Partway along I got a side view of the main south cliff ahead.

Eventually I made my way to a perch atop the south cliff, where it was a long way down in front.

I weaseled my way down through some spruce scrub to get a side view of the sheer face.

The view from the perch was commanding....

...and extended all the way across to Chocorua.

From here I made a thick whack up to the spur path, where a sign talks about the 1963 fire.

The path drops steeply to a great granite shelf - a fine lunch spot, and quite snoozeable.

From the right side of the ledge you can admire the high peaks of the Sandwich Range.

Green's Cliff can be seen to the west.

It was late afternoon, but there was plenty of daylight left, so after a nap I decided to whack down to the top of the west cliff. It was just as thick as I remembered, and involved a discouraging amount of descent. After some toil I found a first viewpoint with a partial look at Sawyer Pond.

Farther down I emerged on a ledge with a serious dropoff.

There was a beautiful vista across a high plateau to Green's Cliff.

On this upland is a small open bog I visited a few winters ago.

The return view from the bog up to Owl's Cliff, looking at the west cliff.

A look back at part of the west cliff face.

The lowest perch took some doing to get to, but had the best views of all, looking across the Sawyer Pond Scenic Area to Hancock and Carrigain. Very wild, especially with ravens circling and croaking out over the valley.

Closeup of Sawyer Pond and Hancock. Didn't see anyone down at the shelter.

Carrigain and Carrigain Notch are seen from an interesting angle.

Zoom on Carrigain Notch. Zealand Ridge is in the distance.

And the lesser-known Hancock Notch, with Mt. Hitchcock beyond.

It was 5:00 and time to go. A parting shot of the Sandwich Range in evening glow.

The whack up to the summit of Owl's Cliff was nasty for a ways, giving me a four-inch gash on my leg - even though I was wearing long pants. I was glad to get back to the trail. Once I got back down to Rob Brook Road, a swarming cloud of mosquitoes moved in for the attack. A hasty application of Ben's held them somewhat at bay for the 2-mile walk out, though I could feel them hitting my arms with every stride. On the drive home I stopped at the Sugar Hill Overlook to study Owl's Cliff and try to trace the day's route.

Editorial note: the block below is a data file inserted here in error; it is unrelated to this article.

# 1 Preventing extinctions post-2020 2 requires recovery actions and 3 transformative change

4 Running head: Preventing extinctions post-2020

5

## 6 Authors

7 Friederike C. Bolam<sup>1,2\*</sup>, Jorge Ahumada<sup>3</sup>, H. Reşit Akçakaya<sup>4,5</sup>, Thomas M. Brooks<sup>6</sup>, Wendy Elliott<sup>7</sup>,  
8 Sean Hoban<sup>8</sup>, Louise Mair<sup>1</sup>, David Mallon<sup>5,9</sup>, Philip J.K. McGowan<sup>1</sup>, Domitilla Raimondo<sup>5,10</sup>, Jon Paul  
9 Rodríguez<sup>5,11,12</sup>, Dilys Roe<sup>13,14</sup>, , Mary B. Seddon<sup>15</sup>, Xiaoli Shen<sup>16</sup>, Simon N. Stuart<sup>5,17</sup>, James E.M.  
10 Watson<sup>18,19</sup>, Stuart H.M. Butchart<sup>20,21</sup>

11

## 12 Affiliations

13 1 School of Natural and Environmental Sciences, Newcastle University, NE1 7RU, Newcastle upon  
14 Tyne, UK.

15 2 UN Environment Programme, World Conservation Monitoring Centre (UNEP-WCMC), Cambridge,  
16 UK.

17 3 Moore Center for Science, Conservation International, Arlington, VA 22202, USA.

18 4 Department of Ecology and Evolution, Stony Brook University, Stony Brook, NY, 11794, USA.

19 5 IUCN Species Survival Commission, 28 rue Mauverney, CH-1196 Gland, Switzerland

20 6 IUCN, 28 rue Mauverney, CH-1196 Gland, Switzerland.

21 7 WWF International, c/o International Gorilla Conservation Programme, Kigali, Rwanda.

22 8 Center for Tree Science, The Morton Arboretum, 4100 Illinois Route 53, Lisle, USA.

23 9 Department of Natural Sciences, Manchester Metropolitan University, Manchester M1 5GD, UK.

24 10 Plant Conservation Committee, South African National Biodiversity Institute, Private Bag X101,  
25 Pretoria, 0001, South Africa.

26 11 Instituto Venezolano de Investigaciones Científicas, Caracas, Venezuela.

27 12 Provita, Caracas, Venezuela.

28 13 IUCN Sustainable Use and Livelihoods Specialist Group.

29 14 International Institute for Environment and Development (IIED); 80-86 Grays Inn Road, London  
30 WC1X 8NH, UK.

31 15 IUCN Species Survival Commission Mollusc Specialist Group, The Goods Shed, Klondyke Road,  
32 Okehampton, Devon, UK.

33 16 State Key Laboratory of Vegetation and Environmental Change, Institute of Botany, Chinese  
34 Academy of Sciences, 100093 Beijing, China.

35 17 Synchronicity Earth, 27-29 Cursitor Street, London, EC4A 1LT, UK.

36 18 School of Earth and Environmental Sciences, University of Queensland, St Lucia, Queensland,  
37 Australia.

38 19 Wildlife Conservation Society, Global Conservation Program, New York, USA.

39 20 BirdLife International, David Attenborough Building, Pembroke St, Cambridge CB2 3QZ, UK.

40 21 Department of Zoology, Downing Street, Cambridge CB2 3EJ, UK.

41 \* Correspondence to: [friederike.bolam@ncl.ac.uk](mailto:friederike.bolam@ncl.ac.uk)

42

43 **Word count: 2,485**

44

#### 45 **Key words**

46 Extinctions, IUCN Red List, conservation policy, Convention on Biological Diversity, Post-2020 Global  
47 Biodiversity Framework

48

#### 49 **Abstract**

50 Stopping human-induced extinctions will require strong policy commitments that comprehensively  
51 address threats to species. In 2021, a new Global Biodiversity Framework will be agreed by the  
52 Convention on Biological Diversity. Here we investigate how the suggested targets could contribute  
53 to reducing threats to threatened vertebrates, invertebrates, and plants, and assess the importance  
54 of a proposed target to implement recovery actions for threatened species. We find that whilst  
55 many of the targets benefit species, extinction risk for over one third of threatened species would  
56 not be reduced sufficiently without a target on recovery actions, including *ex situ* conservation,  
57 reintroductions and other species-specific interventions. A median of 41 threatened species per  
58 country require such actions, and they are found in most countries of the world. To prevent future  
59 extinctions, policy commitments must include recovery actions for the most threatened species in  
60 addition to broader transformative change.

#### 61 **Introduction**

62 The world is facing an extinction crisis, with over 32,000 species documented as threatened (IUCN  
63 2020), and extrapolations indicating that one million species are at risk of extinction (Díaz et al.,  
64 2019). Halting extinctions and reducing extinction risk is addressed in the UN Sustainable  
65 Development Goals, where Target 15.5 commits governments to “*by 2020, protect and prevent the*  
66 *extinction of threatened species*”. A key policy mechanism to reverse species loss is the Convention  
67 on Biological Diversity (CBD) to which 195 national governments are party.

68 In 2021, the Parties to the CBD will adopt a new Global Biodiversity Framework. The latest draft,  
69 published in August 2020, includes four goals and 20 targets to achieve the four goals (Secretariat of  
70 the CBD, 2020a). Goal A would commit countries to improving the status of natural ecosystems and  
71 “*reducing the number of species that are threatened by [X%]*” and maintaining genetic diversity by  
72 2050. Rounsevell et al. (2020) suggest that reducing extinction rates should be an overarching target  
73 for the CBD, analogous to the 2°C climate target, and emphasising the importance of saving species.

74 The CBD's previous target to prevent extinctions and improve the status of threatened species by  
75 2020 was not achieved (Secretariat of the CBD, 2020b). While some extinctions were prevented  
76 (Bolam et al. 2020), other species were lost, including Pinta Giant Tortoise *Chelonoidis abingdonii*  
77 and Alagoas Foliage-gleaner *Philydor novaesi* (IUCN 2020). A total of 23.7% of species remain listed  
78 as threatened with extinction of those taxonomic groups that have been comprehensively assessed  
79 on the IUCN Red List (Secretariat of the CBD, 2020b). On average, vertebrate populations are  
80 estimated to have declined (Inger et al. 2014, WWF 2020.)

The bird tally for the day was 40 species. Highlights included a belted kingfisher and spotted sandpiper on the Swift River, alder and olive-sided flycatchers, tree swallow, and swamp sparrow in the swamp on the Rob Brook Trail, and the regular assortment of woodland warblers.

A round trip hike to the Owl's Cliff outlook from the Kanc via Sawyer Pond Trail, Brunel Trail and Owl's Cliff Spur is 8.8 miles with 1700 feet of elevation gain. Using the Rob Brook Road approach from Bear Notch Road, thus avoiding the Swift River crossing, it's 9.4 miles with 1850-foot elevation gain. Watch your footing on the steep, gravelly section of Brunel Trail and on the descent to the outlook ledge. The whacking to the cliffs is best left to those who enjoy (?) swimming in dense spruce and straddling spiky blowdowns. Be safe and tread lightly.


  1. You consistently find interesting ways to expand the views from “ordinary places” such that they become “extraordinary places”. I love the unusual viewing angle that you were able to get for the Carrigain Notch.


  2. this is AMAZING... i went camping for a weekend at this location... i have pictures, of all the same things.. its just crazy to see someone got to enjoy the wilderness as much as i did.. i have to say, the area around sawyer pond is one of the most beautiful spots i have ever seen.. oh yeah, and wild wolves or coyotes came right into our camp sight, and sniffed our tents.. kind of scary, but it was a hell of a good time.